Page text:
I’ve been hiding behind the pages of a book since I first learned to read. Even now, when I’m well-ensconced in middle age, I turn to books for escape and comfort, peace and quiet, and a way to avoid things I don’t want to do. Some days, books even provide the oxygen I need to breathe, and they only expect me to care for their spines in return.
Books also give me a choice: to be myself, or if I’d rather, to be someone else. I get as close as possible to acting in a way I never would, to engaging in conversations I’ll never have, and to nibbling on forbidden fruit without the consequences. For the duration of their pages, it’s as if I exist in an alternate universe, where I live a life not my own. But books can only bring us near an actual experience. They cannot escort us across the border.
I think on some level, I always knew it was an opiate I sought on the shelves of the public library, but I had no name for it until I learned the word vicarious in middle school. The teacher wrote it in chalk on the blackboard and lights went off in my head. Vicarious made sudden sense of my world.
If only my sons were books I could read. A series in three volumes, all annotated.
So much of their thinking and doing is a mystery to me, though I do understand a lot of it after all these years of mothering them. We are programmed in unique code, and according to Jewish law, obligated in different ways. Sometimes, we speak our own dialects. In the thick of those discussions and disagreements, I wish I could step into their sneakers and be who they are, just long enough to figure out how to get things right with them more often.
Nothing else could bridge the divide in full, a reality I grasped during my older boys’ bar mitzvahs. A hollow knob, the tiniest bit of emptiness, began floating around inside me as my sons read from the open Torah. It did not diminish my joy or my pride in them, but it reminded me that no matter how closely I stood to the mechitzah, I was only watching from the bleachers.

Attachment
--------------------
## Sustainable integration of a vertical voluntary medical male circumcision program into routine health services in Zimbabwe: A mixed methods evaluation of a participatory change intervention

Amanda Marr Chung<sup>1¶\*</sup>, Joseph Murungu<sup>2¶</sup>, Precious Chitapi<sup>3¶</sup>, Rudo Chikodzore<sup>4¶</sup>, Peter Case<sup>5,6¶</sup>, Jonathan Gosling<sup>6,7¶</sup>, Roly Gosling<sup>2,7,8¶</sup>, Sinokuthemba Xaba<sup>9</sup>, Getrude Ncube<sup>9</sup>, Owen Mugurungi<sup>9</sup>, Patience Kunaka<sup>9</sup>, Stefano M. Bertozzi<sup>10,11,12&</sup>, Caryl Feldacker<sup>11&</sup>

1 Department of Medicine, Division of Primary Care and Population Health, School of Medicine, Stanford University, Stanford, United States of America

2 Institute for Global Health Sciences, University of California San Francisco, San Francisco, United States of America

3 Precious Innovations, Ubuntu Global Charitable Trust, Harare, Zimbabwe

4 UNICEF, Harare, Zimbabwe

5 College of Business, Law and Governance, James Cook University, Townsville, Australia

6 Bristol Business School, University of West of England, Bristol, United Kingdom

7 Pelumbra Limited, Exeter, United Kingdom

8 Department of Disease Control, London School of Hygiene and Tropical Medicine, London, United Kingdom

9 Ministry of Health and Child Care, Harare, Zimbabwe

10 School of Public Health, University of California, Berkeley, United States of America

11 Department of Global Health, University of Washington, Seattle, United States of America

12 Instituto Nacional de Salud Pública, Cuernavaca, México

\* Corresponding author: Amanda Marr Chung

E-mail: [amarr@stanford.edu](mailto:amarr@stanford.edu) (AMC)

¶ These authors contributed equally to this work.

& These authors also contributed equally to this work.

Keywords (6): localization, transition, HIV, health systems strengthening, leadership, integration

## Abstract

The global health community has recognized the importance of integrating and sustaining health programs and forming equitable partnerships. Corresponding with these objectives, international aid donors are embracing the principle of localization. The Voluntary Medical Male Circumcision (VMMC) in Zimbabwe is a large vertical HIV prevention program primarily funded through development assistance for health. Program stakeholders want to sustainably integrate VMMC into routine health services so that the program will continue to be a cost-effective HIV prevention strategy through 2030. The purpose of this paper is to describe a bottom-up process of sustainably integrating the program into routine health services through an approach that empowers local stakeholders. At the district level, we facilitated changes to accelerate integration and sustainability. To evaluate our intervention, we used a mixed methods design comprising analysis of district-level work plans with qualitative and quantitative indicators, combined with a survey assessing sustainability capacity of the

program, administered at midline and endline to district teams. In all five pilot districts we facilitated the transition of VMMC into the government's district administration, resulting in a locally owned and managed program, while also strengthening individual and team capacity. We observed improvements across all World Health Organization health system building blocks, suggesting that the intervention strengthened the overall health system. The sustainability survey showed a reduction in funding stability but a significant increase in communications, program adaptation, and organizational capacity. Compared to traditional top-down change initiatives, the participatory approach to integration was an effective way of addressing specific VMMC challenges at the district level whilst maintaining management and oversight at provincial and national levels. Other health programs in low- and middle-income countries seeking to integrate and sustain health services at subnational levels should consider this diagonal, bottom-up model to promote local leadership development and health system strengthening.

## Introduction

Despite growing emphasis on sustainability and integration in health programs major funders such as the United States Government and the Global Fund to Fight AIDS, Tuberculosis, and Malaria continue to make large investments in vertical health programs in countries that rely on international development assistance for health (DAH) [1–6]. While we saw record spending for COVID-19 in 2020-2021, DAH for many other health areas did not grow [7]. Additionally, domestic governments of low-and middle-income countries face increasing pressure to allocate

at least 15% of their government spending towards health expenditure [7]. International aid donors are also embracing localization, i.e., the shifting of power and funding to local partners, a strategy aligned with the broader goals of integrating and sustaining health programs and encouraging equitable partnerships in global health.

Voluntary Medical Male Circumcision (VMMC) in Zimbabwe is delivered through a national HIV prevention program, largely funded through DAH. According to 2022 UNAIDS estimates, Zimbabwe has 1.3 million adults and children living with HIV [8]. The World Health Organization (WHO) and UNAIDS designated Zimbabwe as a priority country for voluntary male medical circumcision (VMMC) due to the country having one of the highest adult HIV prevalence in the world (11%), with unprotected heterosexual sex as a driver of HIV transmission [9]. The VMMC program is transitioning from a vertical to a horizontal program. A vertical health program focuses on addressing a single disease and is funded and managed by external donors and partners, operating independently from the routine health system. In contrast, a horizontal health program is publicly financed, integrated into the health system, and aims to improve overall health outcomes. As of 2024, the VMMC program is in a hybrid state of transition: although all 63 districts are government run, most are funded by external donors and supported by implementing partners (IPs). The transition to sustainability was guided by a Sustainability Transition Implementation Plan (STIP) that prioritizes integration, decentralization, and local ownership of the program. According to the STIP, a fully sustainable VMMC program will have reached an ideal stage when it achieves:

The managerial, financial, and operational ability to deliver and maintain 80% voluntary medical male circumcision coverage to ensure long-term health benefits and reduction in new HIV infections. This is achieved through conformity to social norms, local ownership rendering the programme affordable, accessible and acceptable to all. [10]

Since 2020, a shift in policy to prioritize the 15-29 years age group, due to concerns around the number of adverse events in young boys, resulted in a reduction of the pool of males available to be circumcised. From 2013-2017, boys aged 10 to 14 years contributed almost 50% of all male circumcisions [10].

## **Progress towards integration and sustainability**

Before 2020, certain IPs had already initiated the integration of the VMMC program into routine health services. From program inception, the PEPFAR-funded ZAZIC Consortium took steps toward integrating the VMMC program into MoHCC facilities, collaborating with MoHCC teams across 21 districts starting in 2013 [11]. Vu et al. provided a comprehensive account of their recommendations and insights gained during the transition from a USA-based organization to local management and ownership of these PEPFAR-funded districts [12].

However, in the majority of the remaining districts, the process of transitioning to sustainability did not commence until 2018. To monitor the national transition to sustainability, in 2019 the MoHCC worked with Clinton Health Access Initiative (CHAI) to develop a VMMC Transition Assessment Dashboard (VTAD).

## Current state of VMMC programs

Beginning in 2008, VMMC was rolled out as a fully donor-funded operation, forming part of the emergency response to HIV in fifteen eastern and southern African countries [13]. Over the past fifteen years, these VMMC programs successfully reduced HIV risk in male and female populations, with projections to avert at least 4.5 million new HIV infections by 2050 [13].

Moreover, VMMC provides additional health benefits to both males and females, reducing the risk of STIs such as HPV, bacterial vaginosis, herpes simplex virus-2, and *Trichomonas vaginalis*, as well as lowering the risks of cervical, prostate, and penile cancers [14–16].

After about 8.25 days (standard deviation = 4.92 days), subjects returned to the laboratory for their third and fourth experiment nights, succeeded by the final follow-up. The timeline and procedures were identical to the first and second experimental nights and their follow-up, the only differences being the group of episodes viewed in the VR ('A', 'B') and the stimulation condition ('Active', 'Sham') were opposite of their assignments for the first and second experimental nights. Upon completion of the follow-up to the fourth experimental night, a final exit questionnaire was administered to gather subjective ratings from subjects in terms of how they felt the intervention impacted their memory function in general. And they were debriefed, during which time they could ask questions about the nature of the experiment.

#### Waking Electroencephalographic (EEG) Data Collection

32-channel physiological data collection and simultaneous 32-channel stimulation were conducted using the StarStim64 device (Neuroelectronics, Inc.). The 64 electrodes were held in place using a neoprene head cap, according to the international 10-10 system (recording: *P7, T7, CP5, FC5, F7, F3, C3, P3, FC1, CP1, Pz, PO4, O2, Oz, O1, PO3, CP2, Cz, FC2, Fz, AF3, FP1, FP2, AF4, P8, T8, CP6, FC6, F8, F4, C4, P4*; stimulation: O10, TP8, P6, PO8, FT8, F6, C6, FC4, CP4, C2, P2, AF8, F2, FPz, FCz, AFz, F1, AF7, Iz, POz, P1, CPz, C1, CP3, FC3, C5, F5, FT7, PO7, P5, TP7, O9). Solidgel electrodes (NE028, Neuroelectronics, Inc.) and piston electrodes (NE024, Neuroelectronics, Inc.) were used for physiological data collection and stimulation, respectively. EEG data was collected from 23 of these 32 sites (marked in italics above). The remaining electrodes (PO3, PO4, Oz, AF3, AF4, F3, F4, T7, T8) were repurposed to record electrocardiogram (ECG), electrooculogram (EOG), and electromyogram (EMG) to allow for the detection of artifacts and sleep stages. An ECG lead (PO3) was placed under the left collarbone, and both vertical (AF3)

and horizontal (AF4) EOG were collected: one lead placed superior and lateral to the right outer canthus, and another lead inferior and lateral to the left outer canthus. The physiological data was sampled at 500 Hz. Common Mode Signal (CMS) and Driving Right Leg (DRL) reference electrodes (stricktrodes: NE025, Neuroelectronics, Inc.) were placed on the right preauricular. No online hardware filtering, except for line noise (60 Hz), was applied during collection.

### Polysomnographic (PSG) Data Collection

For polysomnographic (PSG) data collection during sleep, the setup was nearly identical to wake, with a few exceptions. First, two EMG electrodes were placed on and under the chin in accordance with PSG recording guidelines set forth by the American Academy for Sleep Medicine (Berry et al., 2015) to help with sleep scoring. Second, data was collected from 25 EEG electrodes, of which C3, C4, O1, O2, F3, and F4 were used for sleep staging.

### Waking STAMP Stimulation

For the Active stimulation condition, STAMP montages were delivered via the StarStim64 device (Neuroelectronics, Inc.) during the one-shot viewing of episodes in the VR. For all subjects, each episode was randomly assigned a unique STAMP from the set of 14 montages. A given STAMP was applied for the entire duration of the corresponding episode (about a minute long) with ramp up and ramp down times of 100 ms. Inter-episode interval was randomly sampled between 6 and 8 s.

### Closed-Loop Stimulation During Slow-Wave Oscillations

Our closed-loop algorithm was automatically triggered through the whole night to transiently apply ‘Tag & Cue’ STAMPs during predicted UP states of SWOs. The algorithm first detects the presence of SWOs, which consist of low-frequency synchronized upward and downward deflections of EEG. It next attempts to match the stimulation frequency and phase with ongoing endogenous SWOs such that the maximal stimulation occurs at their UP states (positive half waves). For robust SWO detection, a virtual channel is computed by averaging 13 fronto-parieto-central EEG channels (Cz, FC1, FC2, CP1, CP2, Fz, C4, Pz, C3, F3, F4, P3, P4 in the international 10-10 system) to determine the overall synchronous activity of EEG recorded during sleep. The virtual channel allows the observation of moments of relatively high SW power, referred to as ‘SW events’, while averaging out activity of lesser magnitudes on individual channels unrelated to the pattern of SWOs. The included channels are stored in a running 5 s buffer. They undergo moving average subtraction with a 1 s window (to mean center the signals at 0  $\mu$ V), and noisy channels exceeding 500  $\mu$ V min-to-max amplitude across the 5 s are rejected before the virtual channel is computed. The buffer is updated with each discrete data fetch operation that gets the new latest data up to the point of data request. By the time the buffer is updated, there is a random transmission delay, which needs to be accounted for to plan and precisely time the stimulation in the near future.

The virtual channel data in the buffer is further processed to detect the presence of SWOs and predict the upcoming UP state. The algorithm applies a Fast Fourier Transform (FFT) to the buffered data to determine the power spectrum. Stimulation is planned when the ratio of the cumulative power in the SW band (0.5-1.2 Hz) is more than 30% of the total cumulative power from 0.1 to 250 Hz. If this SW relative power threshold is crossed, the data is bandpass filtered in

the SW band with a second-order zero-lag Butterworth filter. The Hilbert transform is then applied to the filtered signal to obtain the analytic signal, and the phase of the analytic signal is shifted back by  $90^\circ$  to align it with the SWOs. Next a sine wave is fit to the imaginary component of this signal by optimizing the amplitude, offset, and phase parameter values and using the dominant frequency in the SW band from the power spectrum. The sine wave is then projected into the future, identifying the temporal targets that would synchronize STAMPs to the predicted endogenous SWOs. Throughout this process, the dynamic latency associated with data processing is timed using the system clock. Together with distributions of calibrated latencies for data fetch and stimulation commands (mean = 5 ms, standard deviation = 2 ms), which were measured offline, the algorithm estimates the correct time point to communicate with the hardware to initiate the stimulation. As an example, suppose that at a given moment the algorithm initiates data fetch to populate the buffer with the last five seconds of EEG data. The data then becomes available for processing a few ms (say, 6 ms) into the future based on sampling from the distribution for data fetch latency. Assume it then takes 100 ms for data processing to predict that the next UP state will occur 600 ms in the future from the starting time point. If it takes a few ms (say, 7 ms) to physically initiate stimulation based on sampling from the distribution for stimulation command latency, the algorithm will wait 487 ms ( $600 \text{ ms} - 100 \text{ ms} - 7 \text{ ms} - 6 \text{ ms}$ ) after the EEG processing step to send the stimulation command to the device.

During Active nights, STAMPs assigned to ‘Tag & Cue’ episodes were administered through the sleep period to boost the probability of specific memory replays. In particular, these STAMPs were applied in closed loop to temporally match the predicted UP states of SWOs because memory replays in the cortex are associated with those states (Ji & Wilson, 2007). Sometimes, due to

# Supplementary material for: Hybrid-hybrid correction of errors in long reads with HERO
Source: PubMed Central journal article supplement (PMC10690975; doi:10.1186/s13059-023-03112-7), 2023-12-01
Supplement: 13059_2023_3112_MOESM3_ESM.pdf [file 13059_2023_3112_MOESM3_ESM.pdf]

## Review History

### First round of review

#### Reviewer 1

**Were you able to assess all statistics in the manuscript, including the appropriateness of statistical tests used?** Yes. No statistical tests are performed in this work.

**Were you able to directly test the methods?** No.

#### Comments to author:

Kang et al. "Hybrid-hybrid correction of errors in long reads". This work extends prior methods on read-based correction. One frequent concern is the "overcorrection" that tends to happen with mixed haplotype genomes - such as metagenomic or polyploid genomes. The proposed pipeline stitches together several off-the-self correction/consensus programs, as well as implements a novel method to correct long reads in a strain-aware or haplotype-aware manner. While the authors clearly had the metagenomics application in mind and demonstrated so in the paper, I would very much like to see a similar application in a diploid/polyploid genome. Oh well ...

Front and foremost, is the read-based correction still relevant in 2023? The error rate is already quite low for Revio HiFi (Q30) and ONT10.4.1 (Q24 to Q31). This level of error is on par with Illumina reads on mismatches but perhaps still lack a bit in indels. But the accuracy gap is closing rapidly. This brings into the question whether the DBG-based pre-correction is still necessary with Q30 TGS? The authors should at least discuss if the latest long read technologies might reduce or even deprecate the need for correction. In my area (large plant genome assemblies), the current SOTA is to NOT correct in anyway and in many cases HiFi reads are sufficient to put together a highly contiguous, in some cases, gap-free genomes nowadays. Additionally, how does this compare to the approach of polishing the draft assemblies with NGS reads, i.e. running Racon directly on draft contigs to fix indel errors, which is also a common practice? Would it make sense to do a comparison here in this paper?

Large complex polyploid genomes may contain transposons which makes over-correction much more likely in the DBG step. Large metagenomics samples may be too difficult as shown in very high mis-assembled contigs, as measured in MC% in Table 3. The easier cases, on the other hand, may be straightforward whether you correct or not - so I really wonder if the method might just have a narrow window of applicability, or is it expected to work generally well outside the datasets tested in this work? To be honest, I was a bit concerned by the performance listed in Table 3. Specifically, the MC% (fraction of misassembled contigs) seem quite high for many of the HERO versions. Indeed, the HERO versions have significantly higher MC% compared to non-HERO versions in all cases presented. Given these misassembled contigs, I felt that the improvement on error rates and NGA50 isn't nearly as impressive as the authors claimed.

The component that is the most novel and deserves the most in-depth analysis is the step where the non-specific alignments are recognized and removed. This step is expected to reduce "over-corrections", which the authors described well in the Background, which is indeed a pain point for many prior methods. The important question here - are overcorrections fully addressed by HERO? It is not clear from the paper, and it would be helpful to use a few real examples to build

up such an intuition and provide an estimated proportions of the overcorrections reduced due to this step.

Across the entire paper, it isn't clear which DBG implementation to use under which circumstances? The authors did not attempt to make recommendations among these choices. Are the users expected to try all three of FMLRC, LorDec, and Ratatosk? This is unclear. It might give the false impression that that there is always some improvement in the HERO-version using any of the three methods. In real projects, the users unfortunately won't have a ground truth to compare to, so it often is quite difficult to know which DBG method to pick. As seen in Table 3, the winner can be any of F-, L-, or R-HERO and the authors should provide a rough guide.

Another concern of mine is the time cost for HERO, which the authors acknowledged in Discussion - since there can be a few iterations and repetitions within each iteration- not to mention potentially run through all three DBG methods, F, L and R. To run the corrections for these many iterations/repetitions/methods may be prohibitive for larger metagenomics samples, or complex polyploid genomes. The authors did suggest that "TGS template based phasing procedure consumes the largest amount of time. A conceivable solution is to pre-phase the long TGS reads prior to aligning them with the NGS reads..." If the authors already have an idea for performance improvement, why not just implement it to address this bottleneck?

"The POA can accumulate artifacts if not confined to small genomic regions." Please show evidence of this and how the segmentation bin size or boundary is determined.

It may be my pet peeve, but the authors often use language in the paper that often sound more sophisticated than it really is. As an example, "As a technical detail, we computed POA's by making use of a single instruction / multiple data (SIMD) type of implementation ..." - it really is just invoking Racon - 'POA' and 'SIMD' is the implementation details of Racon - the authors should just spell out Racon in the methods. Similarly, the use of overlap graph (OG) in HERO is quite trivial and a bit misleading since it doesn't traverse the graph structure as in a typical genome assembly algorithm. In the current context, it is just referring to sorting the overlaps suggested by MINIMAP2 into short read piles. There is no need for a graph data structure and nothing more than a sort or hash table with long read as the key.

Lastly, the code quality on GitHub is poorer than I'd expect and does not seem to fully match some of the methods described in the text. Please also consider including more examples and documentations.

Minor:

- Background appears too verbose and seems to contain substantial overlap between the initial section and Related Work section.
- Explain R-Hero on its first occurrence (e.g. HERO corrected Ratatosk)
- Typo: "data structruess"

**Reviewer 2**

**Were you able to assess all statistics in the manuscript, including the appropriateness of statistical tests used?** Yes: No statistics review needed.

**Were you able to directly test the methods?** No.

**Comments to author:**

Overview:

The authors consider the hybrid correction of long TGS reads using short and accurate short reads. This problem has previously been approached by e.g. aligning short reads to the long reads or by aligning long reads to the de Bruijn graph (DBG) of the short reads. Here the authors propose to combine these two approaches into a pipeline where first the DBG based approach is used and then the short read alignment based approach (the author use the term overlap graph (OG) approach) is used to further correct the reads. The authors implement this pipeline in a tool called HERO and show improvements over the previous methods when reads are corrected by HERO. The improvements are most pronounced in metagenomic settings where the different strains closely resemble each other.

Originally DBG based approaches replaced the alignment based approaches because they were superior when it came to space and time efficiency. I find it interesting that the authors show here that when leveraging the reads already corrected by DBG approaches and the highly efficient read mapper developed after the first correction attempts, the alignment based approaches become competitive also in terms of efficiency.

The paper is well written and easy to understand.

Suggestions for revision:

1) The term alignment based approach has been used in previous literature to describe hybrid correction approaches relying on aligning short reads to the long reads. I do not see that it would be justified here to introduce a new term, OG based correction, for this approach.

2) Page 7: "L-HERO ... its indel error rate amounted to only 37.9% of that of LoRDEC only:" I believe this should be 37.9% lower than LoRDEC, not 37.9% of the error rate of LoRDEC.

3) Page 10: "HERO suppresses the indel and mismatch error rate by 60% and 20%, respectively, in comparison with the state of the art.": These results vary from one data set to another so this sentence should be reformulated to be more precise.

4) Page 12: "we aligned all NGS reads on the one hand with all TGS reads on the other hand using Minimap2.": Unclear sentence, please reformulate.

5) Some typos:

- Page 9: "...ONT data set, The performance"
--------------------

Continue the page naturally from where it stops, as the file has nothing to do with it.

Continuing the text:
Now that my youngest is about to put on tefillin for the first time, I sense the knob moving around again. I needlepointed the bag in which this almost-man will store them. I’ll watch with amazement and gratitude when he wraps himself in the straps. And yet, I’ll be an onlooker living the moment vicariously, a tourist who can get only so close to the cordon around the exhibit. This part of him and of his brothers will remain elusive.
I could ask the boys what it’s like for them to place the bayit (box) on their heads and be bound by the yoke of heaven. I can inquire how it feels to connect with G-d in such a physical way each morning. But I’ll only get what I usually get when I ask my teenagers these sort of probing questions, if I get a response at all: “Oh, I don’t know, Ma.”
I plan to try anyway, because a vicarious moment, when it is actually happening to someone for whom we’d step in front of a moving train, can be fulfilling enough. I’m their mother after all. I’m bound to intuit correctly some of the time. And if I get stuck, I’ll imagine that I’m holding a wise and beautiful story, and at least my heart will understand what I’m reading.